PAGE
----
About transverse lie
The medical term 'presentation' refers to the part of the baby that is leading the way down the birth canal. In most cases the crown of the baby's head leads the way, often referred to as a 'vertex presentation'.
Occasionally (about 1 in every 400 births, or 0.25%) the baby is lying across ways in the uterus, called a 'transverse lie'. When this happens, the baby's back or shoulder covers the woman's cervix. This is known as a 'shoulder presentation'. There are many causes for a shoulder presentation, that usually involve a situation where the baby is able to change position frequently and easily, (often referred to as an 'unstable lie').
- Women having their second or subsequent baby. This is because the abdominal muscles are more flexible, allowing the baby to move more easily.
- The baby is preterm. Babies born before 34 weeks generally change position quite frequently and could easily be in a transverse position when the labour starts.
- There is a large amount of amniotic fluid. This is often referred to as 'polyhydramnios'.
Sometimes the baby is unable to achieve a head or bottom down position due to other health conditions.
These can include:
- Placenta previa. This is where the placenta is implanted low in the uterus, sometimes covering the opening of the cervix. This can be detected by an ultrasound.
- You are carrying twins. Sometimes the second twin can be transverse because the first twin is engaged in the pelvis.
- The woman has a 'bicornuate uterus'. This is where the woman has a piece of tissue or 'septum' inside the uterus that extends from the top of the uterus or fundus, (not unlike a stalactite descending from the roof of a cave). The baby's movement is restricted and they are unable to get into a head down, or bottom down position, remaining transverse. This can be detected by an ultrasound.
How will my caregiver know?
There are two observations your caregiver can use, to possibly determine if your baby is distressed.
- An irregularity in the baby's heart rate. This is usually picked up through the caregiver listening to the baby's heart rate after a contraction, every half an hour with either a Pinard's earpiece, or a hand held Doppler machine, or through continuous monitoring of the baby's heart rate on a CTG machine, to see if there is an abnormal pattern in the heart rate.
- Heavy (or thick) meconium staining of the amniotic fluid. This is when the baby opens their bowels inside the woman's uterus, making the waters look green, or brownish, in colour. Meconium staining can be light (lots of fluid with a slight discolouration), which may (or may not) be a concern, just requiring ongoing observation. However, it can be heavy or thick, similar in consistency to pea soup, which is usually more of a concern.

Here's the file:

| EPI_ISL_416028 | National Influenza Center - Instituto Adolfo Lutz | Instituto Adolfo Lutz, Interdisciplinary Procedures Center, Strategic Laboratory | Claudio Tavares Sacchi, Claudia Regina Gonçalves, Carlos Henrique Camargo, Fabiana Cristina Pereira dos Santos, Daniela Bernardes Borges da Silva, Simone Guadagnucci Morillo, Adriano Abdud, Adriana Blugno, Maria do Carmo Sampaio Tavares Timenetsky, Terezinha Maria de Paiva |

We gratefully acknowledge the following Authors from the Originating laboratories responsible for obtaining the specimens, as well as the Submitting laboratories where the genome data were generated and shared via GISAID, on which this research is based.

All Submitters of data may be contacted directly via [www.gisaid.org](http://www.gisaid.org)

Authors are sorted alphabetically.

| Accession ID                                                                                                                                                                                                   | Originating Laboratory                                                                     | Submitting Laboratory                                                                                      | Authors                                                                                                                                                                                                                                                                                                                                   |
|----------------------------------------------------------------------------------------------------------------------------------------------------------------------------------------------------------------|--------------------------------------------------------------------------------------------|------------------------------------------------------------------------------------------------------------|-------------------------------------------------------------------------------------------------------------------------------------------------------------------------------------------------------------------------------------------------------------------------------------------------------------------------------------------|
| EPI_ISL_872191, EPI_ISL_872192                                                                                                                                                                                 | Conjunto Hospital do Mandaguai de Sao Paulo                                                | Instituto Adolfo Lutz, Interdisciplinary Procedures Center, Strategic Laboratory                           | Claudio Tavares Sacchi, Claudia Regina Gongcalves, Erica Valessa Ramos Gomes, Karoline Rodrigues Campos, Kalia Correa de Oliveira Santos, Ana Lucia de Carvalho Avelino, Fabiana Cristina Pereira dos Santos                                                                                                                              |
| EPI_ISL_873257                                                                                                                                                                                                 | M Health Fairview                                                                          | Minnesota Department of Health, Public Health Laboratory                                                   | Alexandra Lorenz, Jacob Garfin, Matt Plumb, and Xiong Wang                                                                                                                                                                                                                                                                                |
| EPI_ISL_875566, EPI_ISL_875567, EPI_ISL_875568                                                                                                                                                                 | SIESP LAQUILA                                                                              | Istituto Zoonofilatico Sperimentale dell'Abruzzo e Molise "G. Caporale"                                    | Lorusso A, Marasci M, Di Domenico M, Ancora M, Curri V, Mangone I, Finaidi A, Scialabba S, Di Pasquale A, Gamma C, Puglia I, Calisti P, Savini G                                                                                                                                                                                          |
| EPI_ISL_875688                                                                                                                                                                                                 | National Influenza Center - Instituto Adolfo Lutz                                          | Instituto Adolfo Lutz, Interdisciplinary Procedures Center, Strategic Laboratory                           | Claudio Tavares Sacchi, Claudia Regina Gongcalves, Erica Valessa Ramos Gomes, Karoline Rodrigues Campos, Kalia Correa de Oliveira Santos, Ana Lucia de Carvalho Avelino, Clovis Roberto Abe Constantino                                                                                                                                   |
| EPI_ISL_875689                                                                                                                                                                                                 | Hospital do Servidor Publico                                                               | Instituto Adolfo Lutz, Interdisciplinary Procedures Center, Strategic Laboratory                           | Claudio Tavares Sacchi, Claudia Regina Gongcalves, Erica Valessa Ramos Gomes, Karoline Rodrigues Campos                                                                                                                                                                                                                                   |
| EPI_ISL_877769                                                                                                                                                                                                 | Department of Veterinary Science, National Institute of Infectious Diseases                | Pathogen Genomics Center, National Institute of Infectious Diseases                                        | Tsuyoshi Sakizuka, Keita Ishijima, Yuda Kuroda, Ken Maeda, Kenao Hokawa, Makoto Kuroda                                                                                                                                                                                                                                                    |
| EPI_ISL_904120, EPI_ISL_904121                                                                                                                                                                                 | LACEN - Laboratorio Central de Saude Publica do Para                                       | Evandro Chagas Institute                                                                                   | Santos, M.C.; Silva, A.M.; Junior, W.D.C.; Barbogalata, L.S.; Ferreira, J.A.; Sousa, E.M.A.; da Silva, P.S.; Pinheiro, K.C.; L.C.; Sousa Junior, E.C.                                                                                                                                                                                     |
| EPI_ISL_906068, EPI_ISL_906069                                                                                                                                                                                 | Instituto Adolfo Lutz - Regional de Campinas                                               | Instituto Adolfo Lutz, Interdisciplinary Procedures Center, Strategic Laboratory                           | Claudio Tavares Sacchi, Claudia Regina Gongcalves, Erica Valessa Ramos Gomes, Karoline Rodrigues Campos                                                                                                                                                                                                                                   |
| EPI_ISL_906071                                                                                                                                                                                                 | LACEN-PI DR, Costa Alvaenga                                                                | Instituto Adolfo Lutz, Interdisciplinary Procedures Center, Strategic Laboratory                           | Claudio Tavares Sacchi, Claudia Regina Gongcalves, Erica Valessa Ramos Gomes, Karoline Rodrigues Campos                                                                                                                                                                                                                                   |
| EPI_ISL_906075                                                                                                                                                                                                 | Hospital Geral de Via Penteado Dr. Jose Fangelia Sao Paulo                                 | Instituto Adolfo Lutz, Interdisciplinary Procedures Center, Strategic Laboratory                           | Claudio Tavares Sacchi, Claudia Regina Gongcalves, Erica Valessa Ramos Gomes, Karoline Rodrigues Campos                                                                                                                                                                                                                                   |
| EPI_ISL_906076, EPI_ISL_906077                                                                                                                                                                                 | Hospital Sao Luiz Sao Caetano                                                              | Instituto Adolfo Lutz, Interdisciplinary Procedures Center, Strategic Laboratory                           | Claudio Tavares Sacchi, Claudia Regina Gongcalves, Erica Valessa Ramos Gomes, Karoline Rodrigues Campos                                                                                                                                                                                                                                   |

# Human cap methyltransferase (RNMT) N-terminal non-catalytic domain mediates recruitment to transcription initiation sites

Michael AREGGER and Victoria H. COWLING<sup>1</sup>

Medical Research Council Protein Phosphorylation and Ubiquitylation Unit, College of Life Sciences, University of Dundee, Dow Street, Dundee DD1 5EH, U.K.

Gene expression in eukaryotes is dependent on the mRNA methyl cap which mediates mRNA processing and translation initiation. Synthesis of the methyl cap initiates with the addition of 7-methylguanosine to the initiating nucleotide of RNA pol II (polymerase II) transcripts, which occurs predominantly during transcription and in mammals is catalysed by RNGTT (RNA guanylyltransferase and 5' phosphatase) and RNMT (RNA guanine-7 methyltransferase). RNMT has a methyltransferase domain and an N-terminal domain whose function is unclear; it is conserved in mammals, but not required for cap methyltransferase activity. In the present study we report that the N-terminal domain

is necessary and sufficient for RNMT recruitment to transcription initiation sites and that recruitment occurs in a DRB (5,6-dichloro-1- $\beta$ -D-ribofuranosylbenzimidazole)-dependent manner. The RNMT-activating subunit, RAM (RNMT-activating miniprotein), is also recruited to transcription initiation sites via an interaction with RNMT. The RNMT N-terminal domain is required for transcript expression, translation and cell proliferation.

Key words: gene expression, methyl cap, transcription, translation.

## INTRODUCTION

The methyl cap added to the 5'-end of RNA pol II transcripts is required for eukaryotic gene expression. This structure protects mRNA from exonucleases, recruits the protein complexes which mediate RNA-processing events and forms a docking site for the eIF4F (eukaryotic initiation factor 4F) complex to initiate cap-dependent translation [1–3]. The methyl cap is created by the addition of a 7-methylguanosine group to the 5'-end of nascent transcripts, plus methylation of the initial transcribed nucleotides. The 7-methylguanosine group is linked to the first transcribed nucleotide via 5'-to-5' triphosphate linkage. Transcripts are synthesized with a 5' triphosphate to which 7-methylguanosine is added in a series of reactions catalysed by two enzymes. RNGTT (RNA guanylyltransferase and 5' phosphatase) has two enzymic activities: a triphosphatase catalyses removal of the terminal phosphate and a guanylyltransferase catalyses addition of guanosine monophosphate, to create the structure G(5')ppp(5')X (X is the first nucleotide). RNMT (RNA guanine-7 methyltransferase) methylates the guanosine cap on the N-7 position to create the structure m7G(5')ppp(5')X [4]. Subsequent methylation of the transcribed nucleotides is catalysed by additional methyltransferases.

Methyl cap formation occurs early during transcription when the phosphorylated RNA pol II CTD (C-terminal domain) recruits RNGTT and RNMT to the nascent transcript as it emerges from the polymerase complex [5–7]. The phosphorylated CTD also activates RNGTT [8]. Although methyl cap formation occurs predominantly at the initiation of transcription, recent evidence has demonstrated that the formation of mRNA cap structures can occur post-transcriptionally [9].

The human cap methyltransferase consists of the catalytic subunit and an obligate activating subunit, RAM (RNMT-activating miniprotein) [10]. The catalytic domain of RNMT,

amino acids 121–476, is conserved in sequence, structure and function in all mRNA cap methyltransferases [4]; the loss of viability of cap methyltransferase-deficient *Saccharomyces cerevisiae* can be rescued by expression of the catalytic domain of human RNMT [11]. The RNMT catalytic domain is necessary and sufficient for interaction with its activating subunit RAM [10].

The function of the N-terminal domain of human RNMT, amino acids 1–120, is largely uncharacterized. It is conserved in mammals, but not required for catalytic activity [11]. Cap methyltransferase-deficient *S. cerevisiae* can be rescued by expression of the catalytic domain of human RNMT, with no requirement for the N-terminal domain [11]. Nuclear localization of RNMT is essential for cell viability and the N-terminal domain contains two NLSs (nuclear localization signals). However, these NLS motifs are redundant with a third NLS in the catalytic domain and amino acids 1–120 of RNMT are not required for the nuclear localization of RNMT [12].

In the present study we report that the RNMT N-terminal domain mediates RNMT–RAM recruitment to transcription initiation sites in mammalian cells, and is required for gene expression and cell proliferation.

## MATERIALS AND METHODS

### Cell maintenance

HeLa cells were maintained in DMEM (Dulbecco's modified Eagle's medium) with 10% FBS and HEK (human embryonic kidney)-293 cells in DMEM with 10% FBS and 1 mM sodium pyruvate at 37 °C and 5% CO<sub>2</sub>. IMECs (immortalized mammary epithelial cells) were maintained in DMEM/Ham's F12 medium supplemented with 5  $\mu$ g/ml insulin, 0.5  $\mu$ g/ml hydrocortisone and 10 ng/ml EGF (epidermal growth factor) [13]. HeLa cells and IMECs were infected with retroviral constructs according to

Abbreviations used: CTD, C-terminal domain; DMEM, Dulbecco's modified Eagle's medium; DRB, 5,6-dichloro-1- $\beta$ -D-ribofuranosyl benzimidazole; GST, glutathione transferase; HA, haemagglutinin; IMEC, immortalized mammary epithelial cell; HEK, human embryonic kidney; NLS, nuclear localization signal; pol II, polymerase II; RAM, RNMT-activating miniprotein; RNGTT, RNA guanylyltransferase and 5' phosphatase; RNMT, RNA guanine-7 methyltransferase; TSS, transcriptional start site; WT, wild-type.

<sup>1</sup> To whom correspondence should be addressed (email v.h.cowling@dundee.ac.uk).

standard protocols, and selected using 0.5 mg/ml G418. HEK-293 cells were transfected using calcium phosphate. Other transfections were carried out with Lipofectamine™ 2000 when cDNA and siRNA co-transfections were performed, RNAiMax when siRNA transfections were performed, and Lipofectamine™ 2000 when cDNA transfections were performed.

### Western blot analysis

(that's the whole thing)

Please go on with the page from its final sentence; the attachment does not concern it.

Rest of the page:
- If meconium is seen, but the baby's heart rate is normal, the baby is not considered to be distressed, but if the baby's heart rate is abnormal as well, then the perception of distress is more accurate.
How will it affect my labour?
The main concern for babies lying frequently in a transverse position, or in an oblique lie, is that if the waters break, the cord can prolapse down into the woman's birth canal. A cord prolapse is when a loop of the umbilical cord (attached to the baby at one end and the placenta at the other) falls past the baby, through an open cervix and into the woman's vagina. This can be life threatening for the baby, as the umbilical cord can become compressed by the baby's body pinching it against the woman's bony pelvis, restricting the blood and oxygen flow to the baby. When a cord prolapse does happen, time is of the essence to deliver the baby as soon as possible, usually by an emergency Caesarean operation.
Some caregivers advocate doing a routine Caesarean, 'just in case' this happens. Others try and turn the baby, called an 'external version', (a similar procedure to when a caregiver tries to change a baby from a breech position, to a head down position, but usually much easier if the baby is very mobile). This is only possible if there are no obvious complications, such as placenta previa. Often turning a baby is unsuccessful, because they are constantly changing position, rarely staying head down.
Another technique is trying an external version when the woman is in early labour. Often the contractions are able to push the head (or bottom) down into the pelvis, and 'keep' the baby in that position until the birth. If the baby can be turned easily into a head down position, the waters may be broken by the caregiver, to remove some of the fluid that helps the baby change position frequently. This is also one way to induce the labour, and in this circumstance may still put you at a slight risk of the cord prolapsing, if the baby's head is high and unengaged in the pelvis.
Babies who continue to present shoulder first, will need to be born by Caesarean.
Twins in which the second twin is transverse will often turn (or are able to be turned) once the first twin is born, so that the second baby can be born vaginally (either head first or in a breech position). The turning of a second twin will either be done externally, or internally.
External version (or ECV) entails the caregiver manipulating the baby through feeling the woman's belly. This is usually tried first. An internal version (or IPV) means that the caregiver places their hand into the vagina and lower uterus, taking hold of the baby's feet, to ease them down to be born in a breech position.